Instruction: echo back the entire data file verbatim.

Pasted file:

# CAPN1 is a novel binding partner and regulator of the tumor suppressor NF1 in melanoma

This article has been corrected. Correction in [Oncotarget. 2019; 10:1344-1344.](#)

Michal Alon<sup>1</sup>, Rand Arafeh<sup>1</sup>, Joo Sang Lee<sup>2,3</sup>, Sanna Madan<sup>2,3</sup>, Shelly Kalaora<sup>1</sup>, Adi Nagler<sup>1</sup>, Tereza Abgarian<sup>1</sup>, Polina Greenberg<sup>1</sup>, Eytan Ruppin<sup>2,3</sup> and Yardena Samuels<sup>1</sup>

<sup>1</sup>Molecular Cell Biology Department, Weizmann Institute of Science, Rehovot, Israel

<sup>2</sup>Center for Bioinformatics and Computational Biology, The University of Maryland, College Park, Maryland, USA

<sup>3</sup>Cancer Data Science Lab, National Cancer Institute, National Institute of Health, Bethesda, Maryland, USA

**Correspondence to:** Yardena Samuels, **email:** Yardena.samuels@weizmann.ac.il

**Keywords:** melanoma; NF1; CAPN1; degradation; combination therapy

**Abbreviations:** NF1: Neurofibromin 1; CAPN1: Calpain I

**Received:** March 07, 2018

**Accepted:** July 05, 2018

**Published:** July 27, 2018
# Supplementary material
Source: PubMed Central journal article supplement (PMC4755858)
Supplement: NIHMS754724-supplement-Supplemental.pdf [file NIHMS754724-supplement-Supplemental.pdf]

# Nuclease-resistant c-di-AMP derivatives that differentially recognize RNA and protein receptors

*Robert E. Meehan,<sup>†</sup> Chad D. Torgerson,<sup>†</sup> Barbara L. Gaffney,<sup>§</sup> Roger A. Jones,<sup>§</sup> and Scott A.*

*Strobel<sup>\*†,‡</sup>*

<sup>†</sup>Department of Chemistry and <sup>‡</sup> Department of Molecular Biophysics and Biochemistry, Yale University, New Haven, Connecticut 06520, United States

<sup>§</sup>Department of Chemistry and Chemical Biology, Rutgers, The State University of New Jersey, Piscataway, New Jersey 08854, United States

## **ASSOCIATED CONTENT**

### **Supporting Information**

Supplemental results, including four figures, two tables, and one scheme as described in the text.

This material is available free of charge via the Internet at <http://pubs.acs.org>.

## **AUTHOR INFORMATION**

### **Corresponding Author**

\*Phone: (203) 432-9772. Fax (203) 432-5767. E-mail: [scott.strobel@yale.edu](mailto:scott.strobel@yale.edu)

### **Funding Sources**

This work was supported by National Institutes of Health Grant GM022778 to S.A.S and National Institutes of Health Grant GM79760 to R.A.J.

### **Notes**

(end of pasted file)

# CAPN1 is a novel binding partner and regulator of the tumor suppressor NF1 in melanoma

This article has been corrected. Correction in [Oncotarget. 2019; 10:1344-1344.](#)

Michal Alon<sup>1</sup>, Rand Arafeh<sup>1</sup>, Joo Sang Lee<sup>2,3</sup>, Sanna Madan<sup>2,3</sup>, Shelly Kalaora<sup>1</sup>, Adi Nagler<sup>1</sup>, Tereza Abgarian<sup>1</sup>, Polina Greenberg<sup>1</sup>, Eytan Ruppin<sup>2,3</sup> and Yardena Samuels<sup>1</sup>

<sup>1</sup>Molecular Cell Biology Department, Weizmann Institute of Science, Rehovot, Israel

<sup>2</sup>Center for Bioinformatics and Computational Biology, The University of Maryland, College Park, Maryland, USA

<sup>3</sup>Cancer Data Science Lab, National Cancer Institute, National Institute of Health, Bethesda, Maryland, USA

**Correspondence to:** Yardena Samuels, **email:** Yardena.samuels@weizmann.ac.il

**Keywords:** melanoma; NF1; CAPN1; degradation; combination therapy

**Abbreviations:** NF1: Neurofibromin 1; CAPN1: Calpain I

**Received:** March 07, 2018

**Accepted:** July 05, 2018

**Published:** July 27, 2018
# Supplementary material
Source: PubMed Central journal article supplement (PMC4755858)
Supplement: NIHMS754724-supplement-Supplemental.pdf [file NIHMS754724-supplement-Supplemental.pdf]

# Nuclease-resistant c-di-AMP derivatives that differentially recognize RNA and protein receptors

*Robert E. Meehan,<sup>†</sup> Chad D. Torgerson,<sup>†</sup> Barbara L. Gaffney,<sup>§</sup> Roger A. Jones,<sup>§</sup> and Scott A.*

*Strobel<sup>\*†,‡</sup>*

<sup>†</sup>Department of Chemistry and <sup>‡</sup> Department of Molecular Biophysics and Biochemistry, Yale University, New Haven, Connecticut 06520, United States

<sup>§</sup>Department of Chemistry and Chemical Biology, Rutgers, The State University of New Jersey, Piscataway, New Jersey 08854, United States

## **ASSOCIATED CONTENT**

### **Supporting Information**

Supplemental results, including four figures, two tables, and one scheme as described in the text.

This material is available free of charge via the Internet at <http://pubs.acs.org>.

## **AUTHOR INFORMATION**

### **Corresponding Author**

\*Phone: (203) 432-9772. Fax (203) 432-5767. E-mail: [scott.strobel@yale.edu](mailto:scott.strobel@yale.edu)

### **Funding Sources**

This work was supported by National Institutes of Health Grant GM022778 to S.A.S and National Institutes of Health Grant GM79760 to R.A.J.

### **Notes**